The 2 panels on the right of the Figure graphically summarize the individual cohort-age contours from the 4 panels on the left as time trends of the corresponding age-standardized cohort mortality ratios. Every point of the SCMR curves represents an approximation of the average death rate among individuals belonging to different age groups but being born during the same time period. In appreciating the SCMR curves, one should focus more on their temporal behavior and peaks location than on the actual heights reached by the individual curves. As evidenced by the SCMR curves, mortality from rectum and colon cancer increased among consecutive generations born in the 19th century and then declined in all subsequent generations during the 20th century. The rise and fall were statistically significant in all 4 subgroups of white and nonwhite persons with rectum and colon cancer.
Current screening efforts against colorectal cancer were introduced in time such that subjects born around the mid 20th century are the first to benefit from such screening. Our birth-cohort analysis clearly demonstrates that mortality from colorectal cancer already started to decline among subjects born 50 or more years earlier. Cohort effects are generally caused by risk exposure during early childhood that influences subsequent disease behavior throughout life. The acquisition of Helicobacter pylori infection during early childhood with the ensuing risk for future development of peptic ulcer or gastric cancer represents a typical example for a cohort effect in digestive diseases.2 Infection with H pylori is also a known risk factor for the development colonic neoplasms.4- 6 The consistency of the positive associations between H pylori and colorectal neoplasms, as evidenced by multiple case-control studies, and the similarity in their birth-cohort patterns both suggest that exposure to H pylori may have influenced the long-term time trends of colorectal cancer in the United States.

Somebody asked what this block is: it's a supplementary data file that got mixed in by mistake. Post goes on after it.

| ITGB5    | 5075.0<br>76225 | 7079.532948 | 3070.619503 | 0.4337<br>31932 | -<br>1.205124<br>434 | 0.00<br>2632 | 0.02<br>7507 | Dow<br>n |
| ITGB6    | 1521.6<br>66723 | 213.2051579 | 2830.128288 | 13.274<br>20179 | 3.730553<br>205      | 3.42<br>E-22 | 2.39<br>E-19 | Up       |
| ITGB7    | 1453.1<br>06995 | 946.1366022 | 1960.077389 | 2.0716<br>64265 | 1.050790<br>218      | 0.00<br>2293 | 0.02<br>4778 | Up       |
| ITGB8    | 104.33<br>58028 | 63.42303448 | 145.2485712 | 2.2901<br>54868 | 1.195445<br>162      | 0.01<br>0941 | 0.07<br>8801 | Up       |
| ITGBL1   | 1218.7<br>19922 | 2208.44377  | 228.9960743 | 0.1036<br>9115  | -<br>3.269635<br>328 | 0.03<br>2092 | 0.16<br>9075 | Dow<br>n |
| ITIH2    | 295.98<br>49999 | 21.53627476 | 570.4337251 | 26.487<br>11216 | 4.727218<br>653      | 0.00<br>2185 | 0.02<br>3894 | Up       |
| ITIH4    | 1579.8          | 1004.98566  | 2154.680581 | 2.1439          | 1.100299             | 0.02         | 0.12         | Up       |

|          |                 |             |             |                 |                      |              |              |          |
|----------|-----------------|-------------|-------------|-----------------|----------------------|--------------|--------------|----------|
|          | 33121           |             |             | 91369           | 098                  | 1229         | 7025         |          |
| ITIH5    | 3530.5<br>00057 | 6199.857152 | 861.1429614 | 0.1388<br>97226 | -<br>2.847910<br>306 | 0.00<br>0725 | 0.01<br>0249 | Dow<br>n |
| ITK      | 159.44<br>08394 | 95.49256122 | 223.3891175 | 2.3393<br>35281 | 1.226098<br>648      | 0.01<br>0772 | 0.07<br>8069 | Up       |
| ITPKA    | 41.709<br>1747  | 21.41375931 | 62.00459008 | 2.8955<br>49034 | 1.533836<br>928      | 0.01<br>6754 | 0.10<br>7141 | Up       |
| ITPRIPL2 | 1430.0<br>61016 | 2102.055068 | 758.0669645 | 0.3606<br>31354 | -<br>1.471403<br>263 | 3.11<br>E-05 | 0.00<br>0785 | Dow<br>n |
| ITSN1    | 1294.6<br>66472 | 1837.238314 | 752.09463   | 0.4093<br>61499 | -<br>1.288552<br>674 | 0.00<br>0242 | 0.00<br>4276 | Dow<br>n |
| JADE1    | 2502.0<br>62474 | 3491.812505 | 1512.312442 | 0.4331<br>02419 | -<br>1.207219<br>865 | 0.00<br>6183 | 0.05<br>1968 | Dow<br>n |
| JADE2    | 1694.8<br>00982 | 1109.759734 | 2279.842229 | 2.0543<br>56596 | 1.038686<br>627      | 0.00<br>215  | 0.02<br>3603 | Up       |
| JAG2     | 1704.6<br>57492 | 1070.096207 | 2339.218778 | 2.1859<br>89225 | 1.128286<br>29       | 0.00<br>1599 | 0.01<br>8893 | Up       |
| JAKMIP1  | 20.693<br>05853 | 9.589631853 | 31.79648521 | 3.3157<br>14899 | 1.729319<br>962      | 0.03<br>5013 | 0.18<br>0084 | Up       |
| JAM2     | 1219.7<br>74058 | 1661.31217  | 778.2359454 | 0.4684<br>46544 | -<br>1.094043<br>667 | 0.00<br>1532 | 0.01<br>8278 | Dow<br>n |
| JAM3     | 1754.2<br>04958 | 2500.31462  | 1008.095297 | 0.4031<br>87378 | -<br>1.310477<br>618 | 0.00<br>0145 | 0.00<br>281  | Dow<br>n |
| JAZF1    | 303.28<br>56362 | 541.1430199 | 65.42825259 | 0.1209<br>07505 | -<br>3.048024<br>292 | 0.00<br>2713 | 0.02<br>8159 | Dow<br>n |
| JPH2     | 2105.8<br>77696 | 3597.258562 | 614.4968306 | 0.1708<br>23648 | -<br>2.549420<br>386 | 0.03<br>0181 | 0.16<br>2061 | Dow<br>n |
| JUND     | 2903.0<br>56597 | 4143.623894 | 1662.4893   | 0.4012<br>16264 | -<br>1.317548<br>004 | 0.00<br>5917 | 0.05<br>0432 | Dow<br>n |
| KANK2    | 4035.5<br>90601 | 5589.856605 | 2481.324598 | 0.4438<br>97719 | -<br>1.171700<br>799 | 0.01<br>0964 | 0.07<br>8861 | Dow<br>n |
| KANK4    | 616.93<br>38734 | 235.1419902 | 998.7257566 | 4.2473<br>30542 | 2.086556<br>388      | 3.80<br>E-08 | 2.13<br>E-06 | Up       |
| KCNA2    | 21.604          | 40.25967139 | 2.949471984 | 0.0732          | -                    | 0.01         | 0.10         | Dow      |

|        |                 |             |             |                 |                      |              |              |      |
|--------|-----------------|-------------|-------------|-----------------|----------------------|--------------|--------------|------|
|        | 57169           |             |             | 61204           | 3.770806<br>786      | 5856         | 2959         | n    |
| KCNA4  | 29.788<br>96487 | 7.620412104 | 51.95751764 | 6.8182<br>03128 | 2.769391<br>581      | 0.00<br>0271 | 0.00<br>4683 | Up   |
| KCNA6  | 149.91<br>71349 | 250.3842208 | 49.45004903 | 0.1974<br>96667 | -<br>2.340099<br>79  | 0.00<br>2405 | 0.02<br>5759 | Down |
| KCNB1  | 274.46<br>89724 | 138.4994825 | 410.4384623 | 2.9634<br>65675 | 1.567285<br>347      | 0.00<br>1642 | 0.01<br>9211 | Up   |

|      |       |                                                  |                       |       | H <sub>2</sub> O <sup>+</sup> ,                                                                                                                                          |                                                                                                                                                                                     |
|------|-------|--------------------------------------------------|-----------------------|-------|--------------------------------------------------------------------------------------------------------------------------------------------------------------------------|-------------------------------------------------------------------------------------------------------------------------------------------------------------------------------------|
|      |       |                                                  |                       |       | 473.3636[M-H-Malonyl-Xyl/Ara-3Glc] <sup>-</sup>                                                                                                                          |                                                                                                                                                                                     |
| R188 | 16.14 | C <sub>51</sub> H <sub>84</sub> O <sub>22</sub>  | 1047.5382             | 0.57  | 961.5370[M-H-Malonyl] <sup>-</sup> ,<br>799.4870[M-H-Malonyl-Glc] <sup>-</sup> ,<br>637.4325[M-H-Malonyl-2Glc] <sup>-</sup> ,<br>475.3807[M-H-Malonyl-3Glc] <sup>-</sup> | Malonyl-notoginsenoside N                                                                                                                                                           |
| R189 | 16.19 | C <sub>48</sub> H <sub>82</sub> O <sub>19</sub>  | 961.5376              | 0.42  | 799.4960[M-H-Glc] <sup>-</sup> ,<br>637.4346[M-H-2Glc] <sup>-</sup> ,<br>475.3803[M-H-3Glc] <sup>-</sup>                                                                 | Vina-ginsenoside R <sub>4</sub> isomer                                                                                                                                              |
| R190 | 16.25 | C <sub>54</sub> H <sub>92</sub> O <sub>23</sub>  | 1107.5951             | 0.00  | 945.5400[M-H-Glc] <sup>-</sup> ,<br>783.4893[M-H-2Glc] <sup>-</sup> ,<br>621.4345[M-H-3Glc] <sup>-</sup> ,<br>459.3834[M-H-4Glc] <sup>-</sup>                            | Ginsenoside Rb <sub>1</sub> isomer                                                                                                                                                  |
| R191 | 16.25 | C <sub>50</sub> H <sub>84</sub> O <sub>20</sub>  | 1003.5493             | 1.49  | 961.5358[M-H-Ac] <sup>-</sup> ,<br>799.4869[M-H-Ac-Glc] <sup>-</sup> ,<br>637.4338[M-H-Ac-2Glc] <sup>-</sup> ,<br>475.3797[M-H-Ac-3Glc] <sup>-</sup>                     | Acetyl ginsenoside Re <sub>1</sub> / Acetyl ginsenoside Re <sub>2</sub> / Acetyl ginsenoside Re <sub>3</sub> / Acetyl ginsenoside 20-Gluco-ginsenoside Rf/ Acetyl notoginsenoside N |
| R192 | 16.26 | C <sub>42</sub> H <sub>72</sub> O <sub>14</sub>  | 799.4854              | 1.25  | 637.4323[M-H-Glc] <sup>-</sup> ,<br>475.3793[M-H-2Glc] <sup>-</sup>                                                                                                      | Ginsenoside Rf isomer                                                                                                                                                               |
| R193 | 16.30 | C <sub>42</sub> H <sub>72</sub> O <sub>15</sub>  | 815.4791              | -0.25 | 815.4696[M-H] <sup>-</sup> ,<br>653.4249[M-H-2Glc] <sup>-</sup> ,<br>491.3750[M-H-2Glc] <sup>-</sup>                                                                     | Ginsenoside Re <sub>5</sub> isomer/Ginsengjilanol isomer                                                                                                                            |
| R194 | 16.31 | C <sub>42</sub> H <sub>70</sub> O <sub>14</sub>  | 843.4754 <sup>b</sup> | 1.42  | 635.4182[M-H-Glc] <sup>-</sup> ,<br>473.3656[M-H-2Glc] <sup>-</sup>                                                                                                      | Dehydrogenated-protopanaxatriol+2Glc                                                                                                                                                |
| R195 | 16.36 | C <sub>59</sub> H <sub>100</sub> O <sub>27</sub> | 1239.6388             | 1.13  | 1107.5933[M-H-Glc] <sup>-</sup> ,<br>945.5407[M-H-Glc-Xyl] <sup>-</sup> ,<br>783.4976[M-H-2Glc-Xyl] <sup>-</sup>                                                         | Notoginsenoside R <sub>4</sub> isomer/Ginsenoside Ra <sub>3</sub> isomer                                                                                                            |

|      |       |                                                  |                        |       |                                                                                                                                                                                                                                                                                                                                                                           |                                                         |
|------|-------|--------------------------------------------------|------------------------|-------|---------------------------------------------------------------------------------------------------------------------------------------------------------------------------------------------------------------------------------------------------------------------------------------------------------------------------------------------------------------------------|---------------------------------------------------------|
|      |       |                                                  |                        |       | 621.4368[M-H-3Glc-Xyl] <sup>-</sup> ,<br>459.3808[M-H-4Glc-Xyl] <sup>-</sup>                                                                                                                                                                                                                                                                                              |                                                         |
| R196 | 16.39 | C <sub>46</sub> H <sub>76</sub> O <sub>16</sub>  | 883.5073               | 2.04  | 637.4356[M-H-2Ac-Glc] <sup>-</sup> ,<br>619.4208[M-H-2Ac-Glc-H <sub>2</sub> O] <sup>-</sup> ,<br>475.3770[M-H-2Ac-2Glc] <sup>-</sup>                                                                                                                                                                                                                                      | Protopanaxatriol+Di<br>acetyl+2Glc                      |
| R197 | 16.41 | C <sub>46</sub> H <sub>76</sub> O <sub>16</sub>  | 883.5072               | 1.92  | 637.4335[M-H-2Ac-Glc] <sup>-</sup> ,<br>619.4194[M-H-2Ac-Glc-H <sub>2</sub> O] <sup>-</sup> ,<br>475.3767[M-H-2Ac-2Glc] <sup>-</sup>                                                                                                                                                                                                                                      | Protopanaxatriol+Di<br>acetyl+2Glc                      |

The present epidemiologic analysis reveals that the time trends of mortality of colorectal cancer in the United States have been shaped by an underlying birth-cohort pattern. Americans born around the beginning of 20th century were the ones most likely to develop and die from colorectal cancer. The risk of colorectal cancer has continuously dropped in all subsequent generations. Although there is good evidence to show that various screening techniques protect against colorectal cancer, a detailed analysis of the long-term trends of colorectal cancer clearly demonstrates that the decline of colorectal cancer in the United States started long before any of the various screening techniques became widely used.
Correspondence: Dr Sonnenberg, Division of Gastroenterology, Portland VA Medical Center, P3-GI, 3710 SW US Veterans Hospital Rd, Portland, OR 97239 (firstname.lastname@example.org).
Published Online: April 29, 2013. doi:10.1001/jamainternmed.2013.656
Author Contributions:Study concept and design: Sonnenberg. Acquisition of data: Lee. Analysis and interpretation of data: Lee. Drafting of the manuscript: Lee. Critical revision of the manuscript for important intellectual content: Lee and Sonnenberg. Statistical analysis: Sonnenberg.
Conflict of Interest Disclosures: Dr Sonnenberg was supported by a grant from Takeda Pharmaceuticals. No funding was obtained for the present study.